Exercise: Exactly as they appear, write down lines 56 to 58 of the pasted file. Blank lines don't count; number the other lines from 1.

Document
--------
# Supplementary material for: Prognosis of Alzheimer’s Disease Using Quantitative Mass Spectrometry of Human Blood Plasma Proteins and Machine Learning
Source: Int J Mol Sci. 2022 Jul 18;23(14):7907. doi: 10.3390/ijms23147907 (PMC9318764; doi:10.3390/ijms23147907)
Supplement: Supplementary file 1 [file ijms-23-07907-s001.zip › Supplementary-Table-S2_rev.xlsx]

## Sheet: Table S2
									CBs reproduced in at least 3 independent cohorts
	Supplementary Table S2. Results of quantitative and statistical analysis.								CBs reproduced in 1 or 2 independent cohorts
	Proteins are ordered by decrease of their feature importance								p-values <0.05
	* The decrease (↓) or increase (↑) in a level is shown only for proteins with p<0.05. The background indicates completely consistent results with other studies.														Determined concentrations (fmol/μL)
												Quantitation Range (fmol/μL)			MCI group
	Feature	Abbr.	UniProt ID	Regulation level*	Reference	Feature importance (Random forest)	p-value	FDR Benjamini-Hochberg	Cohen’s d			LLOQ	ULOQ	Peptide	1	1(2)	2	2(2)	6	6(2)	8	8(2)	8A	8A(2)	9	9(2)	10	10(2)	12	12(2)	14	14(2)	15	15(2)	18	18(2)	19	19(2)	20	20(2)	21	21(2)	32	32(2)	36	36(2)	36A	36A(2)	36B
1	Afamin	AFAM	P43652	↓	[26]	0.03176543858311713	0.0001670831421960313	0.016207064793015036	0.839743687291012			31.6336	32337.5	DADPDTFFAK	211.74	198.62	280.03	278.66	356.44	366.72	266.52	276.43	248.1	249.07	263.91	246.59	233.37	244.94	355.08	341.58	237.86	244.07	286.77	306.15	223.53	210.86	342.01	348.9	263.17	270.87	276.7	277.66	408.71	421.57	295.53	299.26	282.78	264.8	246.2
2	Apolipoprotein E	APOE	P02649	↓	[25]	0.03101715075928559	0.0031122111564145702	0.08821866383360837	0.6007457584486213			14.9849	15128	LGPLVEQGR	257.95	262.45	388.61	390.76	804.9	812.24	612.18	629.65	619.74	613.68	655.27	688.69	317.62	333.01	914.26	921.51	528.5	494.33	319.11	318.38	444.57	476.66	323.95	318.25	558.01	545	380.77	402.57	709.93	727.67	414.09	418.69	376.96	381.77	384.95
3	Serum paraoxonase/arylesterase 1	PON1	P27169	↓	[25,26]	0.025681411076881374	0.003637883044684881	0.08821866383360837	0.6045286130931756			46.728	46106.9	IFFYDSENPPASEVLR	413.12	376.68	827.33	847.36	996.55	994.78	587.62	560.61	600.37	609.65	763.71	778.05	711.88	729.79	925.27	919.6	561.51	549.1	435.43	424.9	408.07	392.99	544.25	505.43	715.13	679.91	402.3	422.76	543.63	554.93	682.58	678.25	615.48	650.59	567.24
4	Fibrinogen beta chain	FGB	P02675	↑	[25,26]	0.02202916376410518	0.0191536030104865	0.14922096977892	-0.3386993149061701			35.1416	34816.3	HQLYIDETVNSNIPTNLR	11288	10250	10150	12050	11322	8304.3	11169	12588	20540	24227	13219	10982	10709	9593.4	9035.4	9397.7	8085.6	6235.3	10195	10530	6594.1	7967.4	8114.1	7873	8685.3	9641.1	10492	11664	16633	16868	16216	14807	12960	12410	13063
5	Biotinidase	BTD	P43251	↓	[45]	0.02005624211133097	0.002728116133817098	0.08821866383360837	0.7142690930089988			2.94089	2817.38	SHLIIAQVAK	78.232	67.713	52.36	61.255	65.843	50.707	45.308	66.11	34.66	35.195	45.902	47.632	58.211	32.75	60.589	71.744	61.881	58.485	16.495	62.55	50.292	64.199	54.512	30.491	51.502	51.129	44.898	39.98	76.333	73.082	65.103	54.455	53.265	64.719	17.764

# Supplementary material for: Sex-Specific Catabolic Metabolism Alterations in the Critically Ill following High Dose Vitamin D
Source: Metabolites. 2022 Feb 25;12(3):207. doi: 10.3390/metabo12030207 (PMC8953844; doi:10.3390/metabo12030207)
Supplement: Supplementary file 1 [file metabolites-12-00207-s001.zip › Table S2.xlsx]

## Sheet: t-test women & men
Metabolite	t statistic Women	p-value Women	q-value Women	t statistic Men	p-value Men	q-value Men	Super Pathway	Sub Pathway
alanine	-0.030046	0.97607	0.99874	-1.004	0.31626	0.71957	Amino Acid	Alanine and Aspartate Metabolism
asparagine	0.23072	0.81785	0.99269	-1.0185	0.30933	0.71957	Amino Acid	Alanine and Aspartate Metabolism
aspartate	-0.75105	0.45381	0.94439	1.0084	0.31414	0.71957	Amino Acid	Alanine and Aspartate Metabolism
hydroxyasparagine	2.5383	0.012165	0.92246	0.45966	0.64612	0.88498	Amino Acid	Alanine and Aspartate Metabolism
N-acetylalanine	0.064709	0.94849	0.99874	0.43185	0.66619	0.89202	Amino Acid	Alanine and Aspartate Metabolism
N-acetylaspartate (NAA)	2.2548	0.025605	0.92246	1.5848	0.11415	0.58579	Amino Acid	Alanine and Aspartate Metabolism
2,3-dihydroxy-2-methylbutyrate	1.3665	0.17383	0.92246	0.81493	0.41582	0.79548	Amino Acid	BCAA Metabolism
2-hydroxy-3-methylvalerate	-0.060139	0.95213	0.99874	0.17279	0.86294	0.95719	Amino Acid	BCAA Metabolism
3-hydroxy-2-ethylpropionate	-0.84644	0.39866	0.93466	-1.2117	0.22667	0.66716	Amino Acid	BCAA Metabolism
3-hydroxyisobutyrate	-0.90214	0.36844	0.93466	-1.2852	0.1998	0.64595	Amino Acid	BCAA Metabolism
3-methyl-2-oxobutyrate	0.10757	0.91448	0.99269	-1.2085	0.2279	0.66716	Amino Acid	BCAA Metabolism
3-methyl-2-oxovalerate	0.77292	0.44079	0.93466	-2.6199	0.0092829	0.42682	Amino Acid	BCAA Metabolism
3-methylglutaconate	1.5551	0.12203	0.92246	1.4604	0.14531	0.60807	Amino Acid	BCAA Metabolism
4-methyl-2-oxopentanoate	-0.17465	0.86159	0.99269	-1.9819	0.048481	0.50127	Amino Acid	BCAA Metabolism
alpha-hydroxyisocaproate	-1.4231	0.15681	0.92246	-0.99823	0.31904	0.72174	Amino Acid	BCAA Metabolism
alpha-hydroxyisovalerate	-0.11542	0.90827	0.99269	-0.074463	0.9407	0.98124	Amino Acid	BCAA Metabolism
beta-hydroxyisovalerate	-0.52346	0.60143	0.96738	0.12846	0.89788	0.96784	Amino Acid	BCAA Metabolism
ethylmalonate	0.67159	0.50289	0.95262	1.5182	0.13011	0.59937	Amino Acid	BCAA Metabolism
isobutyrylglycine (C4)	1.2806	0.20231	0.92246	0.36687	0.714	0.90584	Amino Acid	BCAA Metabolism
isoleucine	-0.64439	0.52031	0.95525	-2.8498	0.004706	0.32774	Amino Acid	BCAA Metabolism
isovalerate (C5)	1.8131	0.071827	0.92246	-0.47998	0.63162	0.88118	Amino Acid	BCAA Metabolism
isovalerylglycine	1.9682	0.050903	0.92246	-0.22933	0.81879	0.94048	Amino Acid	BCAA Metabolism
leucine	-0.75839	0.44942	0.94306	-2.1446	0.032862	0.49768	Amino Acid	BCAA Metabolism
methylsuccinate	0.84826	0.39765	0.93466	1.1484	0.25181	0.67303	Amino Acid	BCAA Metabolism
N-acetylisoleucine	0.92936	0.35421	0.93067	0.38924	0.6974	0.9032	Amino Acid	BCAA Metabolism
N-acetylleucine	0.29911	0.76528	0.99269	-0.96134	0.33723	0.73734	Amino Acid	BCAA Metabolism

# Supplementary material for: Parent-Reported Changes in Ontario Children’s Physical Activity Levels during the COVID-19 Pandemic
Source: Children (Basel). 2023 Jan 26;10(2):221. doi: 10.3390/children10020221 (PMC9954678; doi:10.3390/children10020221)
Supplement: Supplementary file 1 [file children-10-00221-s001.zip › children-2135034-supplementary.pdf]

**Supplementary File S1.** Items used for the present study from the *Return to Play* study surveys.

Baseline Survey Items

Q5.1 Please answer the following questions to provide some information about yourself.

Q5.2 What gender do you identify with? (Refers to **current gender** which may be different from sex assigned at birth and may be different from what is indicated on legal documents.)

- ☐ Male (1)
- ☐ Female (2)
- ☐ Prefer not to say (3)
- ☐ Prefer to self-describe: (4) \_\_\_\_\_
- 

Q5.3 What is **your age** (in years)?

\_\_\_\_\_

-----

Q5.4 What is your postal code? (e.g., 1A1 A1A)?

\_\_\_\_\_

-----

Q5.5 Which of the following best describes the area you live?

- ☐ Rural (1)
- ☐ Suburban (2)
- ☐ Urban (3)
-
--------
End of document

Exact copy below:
- ☐ Prefer not to say (3)
- ☐ Prefer to self-describe: (4) \_\_\_\_\_
- 